In "Risks from Learned Optimization," we talked about a variety of different forms of pseudo-alignment—that is, ways in which a trained model's objective (its mesa-objective) can be misaligned off-distribution with the loss function it was trained under (the base objective). In particular, we distinguished between proxy alignment, suboptimality alignment, approximate alignment, and deceptive alignment. I still make heavy use of this classification, though I now believe that there are some additional types of pseudo-alignment which I think are fairly important but which I don't feel like this classification fully addresses. In particular, there are two variations on pseudo-alignment not discussed in the paper which I want to talk about here: corrigible pseudo-alignment and suboptimality deceptive alignment.

Corrigible pseudo-alignment. In the paper, we defined corrigible alignment as the situation in which "the base objective is incorporated into the mesa-optimizer's epistemic model and [the mesa-optimizer's] objective is modified to 'point to' that information." We mostly just talked about this as a form of robust alignment—however, as I note in "Towards a mechanistic understanding of corrigibility," this is a very unstable operation, requiring you to get your pointer just right. Thus, I think it's better to talk about corrigible alignment as the class of possible relationships between the base and mesa-objectives defined by the model having some sort of pointer to the base objective, including both corrigible robust alignment (if the pointer is robust) and corrigible pseudo-alignment (if the pointer is to some sort of non-robust proxy). In particular, I think this distinction is fairly important to why deceptive alignment might be more likely than robust alignment, as it points at why robust alignment via corrigibility might be quite difficult (which is a point we made in the paper, but one which I think is made much clearer with this distinction).

Suboptimality deceptive alignment. In the paper, we defined suboptimality alignment as follows:

A mesa-optimizer is suboptimality aligned if some deficiency, error, or limitation in its optimization process causes it to exhibit aligned behavior on the training distribution. This could be due to computational constraints, unsound reasoning, a lack of information, irrational decision procedures, or any other defect in the mesa-optimizer's reasoning process. Importantly, we are not referring to a situation where the mesa-optimizer is robustly aligned but nonetheless makes mistakes leading to bad outcomes on the base objective. Rather, suboptimality alignment refers to the situation where the mesa-optimizer is misaligned but nevertheless performs well on the base objective, precisely because it has been selected to make mistakes that lead to good outcomes on the base objective.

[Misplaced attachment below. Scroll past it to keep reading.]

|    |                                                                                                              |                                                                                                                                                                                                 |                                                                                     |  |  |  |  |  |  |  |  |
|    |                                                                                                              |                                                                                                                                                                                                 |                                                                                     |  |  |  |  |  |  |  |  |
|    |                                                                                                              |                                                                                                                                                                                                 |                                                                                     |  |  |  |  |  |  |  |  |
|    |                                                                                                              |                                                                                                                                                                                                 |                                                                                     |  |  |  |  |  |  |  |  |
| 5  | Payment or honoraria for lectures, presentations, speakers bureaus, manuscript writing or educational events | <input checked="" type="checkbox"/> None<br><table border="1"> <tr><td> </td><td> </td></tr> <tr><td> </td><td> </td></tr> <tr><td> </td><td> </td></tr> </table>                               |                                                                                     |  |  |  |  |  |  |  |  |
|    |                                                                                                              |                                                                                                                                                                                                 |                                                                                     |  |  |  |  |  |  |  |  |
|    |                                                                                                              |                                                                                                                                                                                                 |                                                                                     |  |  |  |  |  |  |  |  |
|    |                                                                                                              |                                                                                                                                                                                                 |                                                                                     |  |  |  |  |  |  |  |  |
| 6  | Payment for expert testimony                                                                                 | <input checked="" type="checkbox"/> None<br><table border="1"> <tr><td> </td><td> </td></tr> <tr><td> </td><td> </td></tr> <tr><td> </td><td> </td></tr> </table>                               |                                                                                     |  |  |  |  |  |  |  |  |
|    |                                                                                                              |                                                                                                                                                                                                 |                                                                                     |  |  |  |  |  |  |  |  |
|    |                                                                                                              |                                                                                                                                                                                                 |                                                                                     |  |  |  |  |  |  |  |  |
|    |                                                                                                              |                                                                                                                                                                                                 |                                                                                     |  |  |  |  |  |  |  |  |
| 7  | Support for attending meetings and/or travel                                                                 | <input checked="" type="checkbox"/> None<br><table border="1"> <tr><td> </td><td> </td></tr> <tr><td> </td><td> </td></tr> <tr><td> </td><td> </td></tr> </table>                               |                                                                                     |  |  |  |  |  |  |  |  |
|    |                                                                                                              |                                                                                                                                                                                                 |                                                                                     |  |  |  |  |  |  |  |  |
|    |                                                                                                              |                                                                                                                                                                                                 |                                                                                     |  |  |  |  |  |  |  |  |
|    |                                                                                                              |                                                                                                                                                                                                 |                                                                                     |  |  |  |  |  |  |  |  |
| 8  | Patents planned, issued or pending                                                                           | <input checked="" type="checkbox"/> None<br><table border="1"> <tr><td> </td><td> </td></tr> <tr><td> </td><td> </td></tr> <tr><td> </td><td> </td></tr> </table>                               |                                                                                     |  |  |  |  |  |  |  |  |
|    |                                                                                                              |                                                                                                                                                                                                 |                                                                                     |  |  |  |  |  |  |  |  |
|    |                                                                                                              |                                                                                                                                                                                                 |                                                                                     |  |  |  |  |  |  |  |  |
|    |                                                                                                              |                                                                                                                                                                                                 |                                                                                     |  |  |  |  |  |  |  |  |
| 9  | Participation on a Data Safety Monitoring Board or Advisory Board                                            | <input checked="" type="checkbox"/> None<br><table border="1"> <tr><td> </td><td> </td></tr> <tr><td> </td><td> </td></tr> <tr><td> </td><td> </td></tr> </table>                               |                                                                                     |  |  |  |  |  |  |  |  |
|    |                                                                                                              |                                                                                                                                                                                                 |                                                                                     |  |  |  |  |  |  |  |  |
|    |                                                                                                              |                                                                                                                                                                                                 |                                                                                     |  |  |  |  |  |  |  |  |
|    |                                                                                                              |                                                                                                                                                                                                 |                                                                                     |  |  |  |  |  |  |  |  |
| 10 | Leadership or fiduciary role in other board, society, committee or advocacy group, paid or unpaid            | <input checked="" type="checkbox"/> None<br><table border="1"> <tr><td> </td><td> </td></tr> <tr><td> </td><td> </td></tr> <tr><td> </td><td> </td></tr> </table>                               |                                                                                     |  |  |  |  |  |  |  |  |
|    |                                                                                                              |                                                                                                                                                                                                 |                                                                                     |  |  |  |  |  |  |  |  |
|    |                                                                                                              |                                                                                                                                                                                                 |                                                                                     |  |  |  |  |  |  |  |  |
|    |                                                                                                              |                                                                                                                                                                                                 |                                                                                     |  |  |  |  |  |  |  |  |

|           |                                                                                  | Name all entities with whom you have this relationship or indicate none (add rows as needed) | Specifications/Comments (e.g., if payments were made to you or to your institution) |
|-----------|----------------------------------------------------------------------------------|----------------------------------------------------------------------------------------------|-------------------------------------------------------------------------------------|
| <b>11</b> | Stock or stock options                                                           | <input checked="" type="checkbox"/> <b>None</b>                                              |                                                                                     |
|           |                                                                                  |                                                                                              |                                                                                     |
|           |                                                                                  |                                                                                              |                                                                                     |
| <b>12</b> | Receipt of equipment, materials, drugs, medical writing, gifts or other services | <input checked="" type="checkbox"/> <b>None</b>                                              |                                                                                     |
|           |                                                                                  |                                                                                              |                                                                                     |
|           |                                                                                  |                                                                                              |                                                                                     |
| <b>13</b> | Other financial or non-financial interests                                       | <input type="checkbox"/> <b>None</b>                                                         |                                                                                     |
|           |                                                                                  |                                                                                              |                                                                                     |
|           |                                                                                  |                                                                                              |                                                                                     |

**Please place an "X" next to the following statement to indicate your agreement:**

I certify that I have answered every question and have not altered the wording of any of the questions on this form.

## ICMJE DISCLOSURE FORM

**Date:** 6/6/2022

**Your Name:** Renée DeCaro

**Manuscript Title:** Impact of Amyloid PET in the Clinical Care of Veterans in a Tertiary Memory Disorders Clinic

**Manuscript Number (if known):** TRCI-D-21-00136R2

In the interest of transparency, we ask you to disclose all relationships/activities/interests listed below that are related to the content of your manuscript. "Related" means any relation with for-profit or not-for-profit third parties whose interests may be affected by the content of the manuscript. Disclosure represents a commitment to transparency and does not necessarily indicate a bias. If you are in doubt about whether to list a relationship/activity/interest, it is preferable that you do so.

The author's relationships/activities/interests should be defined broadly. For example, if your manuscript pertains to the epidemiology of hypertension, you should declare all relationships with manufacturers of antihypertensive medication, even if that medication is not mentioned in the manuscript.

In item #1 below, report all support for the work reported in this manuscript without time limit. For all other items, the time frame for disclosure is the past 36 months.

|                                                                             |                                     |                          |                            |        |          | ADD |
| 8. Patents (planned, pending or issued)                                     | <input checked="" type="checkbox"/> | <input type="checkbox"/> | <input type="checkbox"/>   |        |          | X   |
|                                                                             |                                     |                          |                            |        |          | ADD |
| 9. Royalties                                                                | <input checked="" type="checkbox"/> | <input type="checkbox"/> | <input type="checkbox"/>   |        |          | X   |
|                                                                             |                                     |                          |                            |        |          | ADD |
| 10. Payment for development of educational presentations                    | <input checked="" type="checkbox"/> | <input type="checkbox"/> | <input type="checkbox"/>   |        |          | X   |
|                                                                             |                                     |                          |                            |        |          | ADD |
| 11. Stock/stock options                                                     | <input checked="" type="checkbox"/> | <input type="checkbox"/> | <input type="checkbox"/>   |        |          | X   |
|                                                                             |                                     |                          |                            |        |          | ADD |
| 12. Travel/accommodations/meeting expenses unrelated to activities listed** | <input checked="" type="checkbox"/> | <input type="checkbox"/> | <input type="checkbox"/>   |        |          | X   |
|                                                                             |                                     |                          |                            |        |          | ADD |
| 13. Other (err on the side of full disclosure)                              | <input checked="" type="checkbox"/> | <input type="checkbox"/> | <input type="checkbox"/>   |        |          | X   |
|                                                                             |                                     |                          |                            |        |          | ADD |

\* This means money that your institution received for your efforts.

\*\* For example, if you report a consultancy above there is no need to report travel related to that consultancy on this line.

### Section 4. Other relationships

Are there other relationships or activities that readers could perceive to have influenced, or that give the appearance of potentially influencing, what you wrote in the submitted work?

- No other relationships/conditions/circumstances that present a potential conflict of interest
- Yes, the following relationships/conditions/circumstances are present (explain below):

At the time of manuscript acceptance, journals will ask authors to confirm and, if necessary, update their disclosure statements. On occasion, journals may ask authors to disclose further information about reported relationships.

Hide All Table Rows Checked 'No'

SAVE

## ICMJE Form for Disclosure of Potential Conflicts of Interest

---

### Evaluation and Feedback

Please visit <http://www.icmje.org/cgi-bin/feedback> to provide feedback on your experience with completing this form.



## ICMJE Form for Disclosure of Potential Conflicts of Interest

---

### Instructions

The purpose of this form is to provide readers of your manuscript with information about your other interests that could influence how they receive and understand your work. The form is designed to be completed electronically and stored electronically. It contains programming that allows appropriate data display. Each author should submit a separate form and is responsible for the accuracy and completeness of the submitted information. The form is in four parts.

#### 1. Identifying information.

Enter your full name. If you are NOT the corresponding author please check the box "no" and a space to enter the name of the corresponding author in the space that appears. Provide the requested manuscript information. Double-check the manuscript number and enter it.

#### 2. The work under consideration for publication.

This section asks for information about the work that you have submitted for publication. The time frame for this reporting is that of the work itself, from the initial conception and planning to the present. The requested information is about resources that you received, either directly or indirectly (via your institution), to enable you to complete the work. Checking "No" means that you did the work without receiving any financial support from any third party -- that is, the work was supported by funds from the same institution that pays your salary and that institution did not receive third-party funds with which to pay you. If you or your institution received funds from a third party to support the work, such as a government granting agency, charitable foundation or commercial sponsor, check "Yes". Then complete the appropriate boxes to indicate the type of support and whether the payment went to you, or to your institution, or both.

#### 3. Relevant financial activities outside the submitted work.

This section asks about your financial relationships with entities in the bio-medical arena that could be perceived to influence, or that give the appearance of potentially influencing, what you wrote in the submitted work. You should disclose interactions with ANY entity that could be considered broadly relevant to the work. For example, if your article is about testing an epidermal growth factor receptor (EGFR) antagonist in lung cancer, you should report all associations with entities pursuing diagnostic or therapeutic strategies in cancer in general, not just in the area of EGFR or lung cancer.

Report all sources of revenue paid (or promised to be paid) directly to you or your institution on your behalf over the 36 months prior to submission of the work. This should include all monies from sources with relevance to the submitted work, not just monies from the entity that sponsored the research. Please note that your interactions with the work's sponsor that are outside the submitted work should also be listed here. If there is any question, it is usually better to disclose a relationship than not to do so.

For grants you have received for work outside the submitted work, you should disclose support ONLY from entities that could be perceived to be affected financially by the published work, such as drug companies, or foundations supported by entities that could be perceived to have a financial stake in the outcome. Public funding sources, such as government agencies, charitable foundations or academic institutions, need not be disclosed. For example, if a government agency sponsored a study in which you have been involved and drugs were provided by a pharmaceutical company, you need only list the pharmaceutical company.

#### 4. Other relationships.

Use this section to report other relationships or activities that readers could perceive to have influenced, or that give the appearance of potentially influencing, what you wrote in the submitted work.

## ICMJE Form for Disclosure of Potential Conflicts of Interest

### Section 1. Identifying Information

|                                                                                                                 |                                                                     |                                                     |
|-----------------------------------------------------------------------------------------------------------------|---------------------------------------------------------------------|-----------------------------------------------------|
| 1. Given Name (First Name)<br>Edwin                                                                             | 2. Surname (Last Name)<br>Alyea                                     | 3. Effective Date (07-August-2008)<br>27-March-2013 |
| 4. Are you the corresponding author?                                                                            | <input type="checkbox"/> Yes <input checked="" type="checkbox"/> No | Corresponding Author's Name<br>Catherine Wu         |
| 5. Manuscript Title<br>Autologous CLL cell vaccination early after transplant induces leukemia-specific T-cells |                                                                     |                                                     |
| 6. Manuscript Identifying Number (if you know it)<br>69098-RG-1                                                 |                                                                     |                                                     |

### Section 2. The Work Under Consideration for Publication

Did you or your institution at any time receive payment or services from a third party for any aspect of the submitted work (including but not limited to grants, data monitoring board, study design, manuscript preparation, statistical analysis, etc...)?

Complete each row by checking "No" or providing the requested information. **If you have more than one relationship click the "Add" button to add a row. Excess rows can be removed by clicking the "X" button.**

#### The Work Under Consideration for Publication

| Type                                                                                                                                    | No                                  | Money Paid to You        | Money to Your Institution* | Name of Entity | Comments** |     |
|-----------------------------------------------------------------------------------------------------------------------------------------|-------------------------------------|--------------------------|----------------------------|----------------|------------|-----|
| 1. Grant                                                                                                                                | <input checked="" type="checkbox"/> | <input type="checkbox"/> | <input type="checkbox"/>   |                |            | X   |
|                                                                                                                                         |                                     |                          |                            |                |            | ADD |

I now think we may have seriously understated the importance of this case (especially the "lack of information" part). In particular, I think suboptimality alignment may be one of the most difficult to root out ways in which you get deceptive alignment.[1]

Specifically, suppose you train a model and end up with a proxy pseudo-aligned mesa-optimizer. Furthermore, suppose that the reason that it isn't deceptive is that it hasn't yet figured out that deception is a good strategy.[2] If you then go to deploy such a model, doing so could be almost as (if not more) dangerous than deploying an already deceptive model, as it could turn deceptive on you at any point if it encounters the right information during deployment. Since this is a situation in which the only reason the model isn't deceptive is due to a lack of information, I've taken to calling this situation suboptimality deceptive alignment (though I'm open to suggestions for less clunky names).